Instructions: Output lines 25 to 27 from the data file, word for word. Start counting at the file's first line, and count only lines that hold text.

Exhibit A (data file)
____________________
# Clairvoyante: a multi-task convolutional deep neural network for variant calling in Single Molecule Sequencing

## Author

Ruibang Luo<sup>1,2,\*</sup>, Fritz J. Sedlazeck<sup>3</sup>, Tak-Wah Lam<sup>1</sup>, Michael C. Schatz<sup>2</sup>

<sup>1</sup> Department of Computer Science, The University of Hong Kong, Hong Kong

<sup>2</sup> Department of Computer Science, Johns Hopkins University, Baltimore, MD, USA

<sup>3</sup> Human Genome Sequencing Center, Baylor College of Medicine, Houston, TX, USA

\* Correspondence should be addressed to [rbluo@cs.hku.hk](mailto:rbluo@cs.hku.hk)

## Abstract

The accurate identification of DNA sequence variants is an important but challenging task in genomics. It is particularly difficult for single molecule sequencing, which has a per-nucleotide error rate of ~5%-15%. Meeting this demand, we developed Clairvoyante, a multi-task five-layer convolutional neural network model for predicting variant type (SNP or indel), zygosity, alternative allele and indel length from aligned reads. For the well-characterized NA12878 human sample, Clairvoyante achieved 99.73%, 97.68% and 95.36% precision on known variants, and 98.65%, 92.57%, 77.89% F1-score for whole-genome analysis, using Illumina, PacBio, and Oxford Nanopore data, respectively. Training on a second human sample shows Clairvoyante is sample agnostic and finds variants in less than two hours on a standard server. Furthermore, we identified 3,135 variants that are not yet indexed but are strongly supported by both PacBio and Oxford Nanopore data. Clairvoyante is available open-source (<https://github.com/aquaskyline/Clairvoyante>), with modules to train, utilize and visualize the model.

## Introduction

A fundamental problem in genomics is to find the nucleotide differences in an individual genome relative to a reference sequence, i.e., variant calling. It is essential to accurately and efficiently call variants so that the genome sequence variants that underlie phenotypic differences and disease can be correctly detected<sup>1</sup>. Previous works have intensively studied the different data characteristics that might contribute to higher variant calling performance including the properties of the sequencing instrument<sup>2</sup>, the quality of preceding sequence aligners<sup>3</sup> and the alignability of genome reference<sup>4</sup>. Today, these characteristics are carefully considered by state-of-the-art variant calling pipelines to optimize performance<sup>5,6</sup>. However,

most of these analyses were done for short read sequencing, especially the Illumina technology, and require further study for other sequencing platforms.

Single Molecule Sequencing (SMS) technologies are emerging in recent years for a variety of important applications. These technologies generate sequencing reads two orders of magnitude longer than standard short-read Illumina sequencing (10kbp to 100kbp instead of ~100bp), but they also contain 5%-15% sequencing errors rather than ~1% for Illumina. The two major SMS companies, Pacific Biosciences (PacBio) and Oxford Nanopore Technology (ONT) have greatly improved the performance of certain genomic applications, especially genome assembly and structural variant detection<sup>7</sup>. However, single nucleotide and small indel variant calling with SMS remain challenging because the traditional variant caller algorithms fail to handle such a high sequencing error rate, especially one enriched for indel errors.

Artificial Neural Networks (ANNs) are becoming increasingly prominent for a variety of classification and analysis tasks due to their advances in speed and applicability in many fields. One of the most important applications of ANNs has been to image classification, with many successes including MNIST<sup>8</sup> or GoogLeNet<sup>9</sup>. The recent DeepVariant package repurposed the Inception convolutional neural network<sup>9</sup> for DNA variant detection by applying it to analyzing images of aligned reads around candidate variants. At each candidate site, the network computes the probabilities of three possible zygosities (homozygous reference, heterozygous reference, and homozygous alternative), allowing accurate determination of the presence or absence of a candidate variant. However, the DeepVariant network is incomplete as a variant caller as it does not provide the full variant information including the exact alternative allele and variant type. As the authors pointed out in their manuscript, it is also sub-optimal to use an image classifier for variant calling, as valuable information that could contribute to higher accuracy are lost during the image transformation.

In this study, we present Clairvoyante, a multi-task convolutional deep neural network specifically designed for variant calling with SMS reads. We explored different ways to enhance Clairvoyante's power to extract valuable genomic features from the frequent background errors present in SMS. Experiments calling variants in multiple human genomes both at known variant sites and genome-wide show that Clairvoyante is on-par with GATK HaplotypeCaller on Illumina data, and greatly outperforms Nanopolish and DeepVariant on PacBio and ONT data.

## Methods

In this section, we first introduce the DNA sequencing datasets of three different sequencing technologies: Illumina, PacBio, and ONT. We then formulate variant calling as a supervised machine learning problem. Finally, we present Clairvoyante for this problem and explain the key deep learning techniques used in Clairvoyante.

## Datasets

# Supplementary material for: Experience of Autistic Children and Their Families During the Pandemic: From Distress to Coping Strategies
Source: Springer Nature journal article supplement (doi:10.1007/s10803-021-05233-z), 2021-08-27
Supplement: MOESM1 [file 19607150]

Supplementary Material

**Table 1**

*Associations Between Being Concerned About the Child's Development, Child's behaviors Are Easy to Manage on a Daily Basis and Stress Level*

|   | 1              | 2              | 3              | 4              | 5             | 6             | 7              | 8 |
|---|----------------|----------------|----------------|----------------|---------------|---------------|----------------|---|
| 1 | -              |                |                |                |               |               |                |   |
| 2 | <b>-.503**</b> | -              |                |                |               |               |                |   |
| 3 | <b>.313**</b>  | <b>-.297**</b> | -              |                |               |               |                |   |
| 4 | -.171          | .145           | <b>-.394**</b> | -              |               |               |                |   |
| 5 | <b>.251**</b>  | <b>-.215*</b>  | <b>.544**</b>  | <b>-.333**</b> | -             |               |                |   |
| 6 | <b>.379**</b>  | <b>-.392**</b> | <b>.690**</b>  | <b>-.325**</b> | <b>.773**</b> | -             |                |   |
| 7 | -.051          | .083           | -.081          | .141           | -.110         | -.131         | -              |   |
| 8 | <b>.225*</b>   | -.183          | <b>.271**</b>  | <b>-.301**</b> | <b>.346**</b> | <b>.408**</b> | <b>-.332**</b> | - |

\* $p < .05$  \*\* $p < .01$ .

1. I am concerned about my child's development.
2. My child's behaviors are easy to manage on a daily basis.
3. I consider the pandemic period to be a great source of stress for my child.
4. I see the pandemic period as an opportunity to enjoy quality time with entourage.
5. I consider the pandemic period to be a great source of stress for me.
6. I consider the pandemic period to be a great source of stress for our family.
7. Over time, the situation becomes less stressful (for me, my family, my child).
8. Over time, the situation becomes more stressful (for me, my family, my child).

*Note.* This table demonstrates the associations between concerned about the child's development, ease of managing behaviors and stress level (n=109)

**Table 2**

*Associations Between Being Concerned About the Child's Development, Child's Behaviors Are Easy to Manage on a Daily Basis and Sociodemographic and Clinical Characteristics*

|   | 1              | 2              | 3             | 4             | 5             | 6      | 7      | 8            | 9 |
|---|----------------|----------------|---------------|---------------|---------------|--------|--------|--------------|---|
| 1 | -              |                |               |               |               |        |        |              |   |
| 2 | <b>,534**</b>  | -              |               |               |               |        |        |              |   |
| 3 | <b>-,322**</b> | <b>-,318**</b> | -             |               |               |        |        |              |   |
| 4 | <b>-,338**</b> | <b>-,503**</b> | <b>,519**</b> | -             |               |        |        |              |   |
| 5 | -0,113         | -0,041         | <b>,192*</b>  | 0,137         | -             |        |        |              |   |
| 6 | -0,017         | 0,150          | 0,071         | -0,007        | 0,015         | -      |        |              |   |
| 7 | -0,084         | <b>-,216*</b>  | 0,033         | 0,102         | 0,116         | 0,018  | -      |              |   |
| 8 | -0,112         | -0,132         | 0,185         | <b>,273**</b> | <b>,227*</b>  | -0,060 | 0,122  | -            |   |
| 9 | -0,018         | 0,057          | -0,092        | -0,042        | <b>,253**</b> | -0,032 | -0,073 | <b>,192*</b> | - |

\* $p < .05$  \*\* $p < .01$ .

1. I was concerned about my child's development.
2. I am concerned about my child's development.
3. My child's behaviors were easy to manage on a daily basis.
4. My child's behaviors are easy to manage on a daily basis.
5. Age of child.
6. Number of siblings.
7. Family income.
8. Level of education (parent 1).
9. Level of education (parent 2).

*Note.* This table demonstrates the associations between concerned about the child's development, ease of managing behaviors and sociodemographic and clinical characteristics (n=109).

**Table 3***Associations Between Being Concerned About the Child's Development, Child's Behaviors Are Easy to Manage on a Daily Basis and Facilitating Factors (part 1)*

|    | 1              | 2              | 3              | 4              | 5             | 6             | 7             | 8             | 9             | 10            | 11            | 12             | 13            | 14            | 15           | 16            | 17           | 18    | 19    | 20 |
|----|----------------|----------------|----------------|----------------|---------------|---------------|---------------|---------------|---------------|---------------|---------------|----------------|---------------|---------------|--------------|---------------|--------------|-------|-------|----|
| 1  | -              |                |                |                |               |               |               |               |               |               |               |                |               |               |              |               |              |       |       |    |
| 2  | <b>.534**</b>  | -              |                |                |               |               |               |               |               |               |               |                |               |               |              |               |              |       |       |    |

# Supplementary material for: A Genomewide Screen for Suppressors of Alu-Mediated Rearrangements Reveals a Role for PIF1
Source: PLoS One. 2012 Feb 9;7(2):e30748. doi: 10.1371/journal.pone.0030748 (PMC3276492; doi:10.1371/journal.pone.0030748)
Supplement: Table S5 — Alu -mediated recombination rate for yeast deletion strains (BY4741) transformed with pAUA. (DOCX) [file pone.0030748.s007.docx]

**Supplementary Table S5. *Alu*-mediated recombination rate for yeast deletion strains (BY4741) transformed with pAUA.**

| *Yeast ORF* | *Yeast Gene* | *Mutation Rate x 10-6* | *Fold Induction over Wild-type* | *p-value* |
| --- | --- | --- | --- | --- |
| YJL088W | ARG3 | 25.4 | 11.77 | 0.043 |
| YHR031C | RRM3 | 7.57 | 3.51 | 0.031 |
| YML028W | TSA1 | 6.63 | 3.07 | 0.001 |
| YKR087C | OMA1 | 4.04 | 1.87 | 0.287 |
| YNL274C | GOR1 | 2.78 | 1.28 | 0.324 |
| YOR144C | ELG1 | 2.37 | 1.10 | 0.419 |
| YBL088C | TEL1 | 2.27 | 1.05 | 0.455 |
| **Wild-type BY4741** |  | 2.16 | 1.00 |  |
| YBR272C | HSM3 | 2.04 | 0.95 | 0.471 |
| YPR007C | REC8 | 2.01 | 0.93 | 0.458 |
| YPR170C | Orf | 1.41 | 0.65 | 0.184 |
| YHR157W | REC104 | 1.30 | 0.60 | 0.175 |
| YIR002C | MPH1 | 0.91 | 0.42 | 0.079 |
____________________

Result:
|   | 1              | 2              | 3              | 4              | 5             | 6             | 7              | 8 |
|---|----------------|----------------|----------------|----------------|---------------|---------------|----------------|---|
| 1 | -              |                |                |                |               |               |                |   |